• Giantpanda – Interesting to hear about this new “5 year limit placed on fixed term contracts.” Although I doubt that this will slip by the accounting/legal departments at the larger schools, universities and companies. They will lay you off for a year before having to submit to permanent employment.

    There are other ways to circumvent this as well. Such as hiring people under a different category.

  • GP, well it’s not impossible you are right. They have always been very careful to claim that each 5y is a separate, time-limited job. I’m not interested in testing this in law as it would be far easier and more productive just to get a job somewhere else!

    Curious, rest assured that plans will be well in hand at all such contract-based employers. The law states that a 6 month interval is required for work to not count as continuous, and mine is actually planning to implement this, which they euphemistically refer to as a “cooling off period”! The bureaucrats who run the place haven’t yet realised that this plan is completely insane because highly qualified and employable scientists will simply get jobs elsewhere. But let’s face it, they didn’t get to where they are by being clever….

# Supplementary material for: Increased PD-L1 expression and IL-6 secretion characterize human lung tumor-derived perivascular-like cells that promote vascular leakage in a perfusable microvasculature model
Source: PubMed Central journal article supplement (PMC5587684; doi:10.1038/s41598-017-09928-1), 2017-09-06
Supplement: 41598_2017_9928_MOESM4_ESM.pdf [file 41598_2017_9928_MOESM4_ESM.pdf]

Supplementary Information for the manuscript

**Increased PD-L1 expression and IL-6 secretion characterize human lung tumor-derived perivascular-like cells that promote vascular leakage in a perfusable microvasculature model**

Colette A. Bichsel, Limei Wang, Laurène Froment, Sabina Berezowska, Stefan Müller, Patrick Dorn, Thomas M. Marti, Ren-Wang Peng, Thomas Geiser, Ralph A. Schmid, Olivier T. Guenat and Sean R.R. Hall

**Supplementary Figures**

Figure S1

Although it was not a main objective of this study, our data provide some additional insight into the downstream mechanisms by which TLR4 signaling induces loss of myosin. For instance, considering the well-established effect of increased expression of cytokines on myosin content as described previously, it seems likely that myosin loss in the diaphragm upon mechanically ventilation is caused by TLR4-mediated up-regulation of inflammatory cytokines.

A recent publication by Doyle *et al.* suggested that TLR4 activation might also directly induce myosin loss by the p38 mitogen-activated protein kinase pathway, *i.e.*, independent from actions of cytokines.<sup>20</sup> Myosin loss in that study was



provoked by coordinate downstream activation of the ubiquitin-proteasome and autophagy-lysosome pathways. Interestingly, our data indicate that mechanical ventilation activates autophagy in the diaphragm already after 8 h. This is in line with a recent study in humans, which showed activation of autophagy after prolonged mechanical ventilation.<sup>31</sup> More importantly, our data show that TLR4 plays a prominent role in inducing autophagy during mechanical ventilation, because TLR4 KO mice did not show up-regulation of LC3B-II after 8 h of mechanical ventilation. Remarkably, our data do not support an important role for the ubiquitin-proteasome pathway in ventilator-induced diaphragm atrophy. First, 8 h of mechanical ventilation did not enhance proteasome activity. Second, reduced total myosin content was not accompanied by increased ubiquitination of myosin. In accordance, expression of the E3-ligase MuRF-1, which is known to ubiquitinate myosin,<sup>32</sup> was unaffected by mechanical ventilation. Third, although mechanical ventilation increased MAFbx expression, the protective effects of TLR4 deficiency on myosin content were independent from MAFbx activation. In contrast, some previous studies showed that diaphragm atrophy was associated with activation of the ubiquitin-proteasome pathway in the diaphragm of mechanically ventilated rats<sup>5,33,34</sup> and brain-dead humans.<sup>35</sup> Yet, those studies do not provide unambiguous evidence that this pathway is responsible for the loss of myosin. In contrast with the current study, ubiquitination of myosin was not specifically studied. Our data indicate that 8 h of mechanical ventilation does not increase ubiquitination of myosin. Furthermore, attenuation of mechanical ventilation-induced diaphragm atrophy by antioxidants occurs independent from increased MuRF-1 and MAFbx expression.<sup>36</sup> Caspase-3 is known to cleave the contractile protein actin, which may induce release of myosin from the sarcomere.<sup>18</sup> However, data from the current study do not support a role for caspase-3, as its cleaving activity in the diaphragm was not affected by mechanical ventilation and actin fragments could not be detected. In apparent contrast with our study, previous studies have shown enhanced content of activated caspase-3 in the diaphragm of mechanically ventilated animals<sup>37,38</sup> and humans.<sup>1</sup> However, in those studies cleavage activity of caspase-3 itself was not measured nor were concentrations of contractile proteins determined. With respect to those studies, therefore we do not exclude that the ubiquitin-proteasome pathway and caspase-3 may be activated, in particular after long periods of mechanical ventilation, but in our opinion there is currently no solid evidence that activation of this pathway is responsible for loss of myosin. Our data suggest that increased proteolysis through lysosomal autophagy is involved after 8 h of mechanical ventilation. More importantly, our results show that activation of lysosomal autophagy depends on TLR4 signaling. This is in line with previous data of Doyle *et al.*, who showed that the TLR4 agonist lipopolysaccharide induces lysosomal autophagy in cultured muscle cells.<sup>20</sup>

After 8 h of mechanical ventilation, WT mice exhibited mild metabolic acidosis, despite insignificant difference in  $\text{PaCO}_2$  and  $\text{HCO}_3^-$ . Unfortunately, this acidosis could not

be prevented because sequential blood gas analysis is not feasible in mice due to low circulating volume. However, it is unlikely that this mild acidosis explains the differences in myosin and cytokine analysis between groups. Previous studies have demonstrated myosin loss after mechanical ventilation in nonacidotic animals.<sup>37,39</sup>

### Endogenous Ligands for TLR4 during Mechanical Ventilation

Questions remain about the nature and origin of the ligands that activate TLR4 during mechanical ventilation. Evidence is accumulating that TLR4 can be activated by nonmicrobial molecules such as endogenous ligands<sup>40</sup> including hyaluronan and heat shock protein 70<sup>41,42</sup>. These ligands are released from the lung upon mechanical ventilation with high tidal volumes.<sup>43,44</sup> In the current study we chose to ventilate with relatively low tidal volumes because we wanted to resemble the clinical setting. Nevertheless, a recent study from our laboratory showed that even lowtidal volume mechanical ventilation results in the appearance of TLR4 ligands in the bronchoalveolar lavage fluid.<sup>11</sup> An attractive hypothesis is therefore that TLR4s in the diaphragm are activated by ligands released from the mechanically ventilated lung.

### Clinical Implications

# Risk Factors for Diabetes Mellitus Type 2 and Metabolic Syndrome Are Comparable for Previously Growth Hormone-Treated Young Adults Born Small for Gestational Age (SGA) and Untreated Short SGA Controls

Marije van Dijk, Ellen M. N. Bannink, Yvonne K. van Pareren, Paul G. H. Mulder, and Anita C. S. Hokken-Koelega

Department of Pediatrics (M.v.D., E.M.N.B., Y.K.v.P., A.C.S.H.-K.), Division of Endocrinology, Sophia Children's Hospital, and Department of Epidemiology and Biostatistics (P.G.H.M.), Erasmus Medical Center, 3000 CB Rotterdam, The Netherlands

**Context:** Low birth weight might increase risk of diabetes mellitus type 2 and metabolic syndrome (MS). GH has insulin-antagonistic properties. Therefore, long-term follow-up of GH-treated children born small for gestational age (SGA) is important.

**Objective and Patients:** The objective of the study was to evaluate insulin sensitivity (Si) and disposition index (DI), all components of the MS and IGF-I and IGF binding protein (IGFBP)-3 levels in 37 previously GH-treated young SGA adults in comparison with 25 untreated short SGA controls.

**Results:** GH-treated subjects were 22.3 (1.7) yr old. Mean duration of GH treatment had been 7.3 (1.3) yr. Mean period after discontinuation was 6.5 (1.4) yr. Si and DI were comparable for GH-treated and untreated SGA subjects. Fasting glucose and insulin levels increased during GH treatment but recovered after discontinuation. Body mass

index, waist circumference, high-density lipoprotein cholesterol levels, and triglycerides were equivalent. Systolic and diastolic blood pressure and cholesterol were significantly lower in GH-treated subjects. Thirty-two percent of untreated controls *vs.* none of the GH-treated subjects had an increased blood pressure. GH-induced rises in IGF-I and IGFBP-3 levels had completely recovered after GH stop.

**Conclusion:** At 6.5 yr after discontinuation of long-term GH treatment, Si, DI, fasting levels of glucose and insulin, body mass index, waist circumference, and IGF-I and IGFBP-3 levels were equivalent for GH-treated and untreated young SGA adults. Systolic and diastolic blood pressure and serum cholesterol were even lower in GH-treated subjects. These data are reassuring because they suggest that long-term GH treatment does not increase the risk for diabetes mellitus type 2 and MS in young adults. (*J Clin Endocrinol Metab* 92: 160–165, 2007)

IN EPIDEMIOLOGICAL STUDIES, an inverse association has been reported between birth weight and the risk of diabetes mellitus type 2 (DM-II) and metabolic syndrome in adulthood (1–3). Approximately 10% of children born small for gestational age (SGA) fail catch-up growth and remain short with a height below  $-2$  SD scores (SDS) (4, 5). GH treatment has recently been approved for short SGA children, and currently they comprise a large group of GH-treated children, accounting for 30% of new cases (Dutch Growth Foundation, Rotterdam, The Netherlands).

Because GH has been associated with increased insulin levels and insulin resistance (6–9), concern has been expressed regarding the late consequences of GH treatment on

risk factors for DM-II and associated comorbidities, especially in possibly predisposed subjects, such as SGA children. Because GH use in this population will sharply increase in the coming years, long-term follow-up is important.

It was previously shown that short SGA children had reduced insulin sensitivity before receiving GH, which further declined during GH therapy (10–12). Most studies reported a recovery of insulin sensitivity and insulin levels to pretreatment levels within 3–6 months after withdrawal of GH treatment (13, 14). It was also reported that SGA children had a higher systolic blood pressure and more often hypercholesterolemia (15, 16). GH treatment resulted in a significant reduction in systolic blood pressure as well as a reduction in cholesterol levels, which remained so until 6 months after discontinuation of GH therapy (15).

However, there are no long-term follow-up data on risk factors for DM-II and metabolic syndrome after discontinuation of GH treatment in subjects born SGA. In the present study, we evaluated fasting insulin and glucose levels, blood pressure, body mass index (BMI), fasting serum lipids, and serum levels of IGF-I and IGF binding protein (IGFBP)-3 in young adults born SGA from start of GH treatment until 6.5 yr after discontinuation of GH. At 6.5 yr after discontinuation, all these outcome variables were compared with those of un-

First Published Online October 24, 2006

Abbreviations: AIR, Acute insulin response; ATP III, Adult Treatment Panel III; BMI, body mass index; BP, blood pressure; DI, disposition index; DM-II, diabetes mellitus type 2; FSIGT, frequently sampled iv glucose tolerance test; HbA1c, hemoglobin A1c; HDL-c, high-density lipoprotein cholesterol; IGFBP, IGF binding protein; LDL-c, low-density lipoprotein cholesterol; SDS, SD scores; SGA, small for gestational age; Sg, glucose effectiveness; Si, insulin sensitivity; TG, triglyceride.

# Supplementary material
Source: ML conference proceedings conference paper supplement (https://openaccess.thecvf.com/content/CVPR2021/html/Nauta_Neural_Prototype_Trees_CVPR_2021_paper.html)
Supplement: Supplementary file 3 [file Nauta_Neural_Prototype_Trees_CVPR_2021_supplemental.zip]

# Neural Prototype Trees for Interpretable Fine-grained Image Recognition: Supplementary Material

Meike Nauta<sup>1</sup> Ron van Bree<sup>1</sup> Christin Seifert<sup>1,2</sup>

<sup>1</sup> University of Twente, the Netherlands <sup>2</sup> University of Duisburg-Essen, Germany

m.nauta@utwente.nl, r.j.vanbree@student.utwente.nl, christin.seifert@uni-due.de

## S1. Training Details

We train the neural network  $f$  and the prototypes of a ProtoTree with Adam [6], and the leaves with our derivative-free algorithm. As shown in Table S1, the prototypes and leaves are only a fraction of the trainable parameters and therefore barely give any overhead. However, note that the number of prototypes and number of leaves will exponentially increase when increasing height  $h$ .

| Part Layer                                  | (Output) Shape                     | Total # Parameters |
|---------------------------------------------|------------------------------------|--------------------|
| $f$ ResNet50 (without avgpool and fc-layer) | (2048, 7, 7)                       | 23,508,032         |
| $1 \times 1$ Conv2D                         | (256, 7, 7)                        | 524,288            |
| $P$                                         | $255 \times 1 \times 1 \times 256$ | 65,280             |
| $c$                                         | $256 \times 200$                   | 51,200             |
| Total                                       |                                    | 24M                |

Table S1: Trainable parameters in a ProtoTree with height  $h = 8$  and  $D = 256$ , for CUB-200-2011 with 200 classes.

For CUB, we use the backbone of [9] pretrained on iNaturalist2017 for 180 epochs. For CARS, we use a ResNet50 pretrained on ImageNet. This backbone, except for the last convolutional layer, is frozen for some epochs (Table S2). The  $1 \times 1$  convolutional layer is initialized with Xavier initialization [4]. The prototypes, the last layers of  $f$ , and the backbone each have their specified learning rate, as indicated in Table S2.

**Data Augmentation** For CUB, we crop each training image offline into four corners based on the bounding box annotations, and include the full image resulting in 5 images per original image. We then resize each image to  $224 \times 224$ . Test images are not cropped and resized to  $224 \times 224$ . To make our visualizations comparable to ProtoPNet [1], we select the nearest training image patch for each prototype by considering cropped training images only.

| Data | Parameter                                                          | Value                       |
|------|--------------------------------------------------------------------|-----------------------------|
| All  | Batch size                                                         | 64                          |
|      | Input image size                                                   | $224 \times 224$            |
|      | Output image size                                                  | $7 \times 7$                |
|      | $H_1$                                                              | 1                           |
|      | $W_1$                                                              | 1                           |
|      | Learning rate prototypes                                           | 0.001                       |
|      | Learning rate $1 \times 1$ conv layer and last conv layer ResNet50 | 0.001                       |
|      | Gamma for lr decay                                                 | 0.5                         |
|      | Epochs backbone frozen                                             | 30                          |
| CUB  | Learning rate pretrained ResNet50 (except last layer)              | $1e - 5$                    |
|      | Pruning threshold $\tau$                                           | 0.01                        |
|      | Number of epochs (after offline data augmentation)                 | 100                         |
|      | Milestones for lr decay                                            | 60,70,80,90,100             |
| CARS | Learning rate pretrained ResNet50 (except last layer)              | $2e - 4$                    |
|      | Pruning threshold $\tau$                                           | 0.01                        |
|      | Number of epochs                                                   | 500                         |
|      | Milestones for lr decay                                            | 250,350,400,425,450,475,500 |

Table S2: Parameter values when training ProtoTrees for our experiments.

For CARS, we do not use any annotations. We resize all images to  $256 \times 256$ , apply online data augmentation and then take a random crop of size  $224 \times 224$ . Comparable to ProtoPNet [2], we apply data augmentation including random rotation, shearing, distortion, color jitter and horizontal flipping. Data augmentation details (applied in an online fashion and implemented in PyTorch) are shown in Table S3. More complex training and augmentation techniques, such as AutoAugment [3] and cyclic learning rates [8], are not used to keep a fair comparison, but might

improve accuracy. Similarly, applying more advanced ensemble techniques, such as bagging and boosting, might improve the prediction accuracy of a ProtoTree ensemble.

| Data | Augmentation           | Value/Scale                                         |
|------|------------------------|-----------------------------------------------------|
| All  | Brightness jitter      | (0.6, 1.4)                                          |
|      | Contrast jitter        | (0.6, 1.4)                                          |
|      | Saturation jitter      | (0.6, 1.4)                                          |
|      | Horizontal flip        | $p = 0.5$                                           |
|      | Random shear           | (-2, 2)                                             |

• Loverilakkuma says: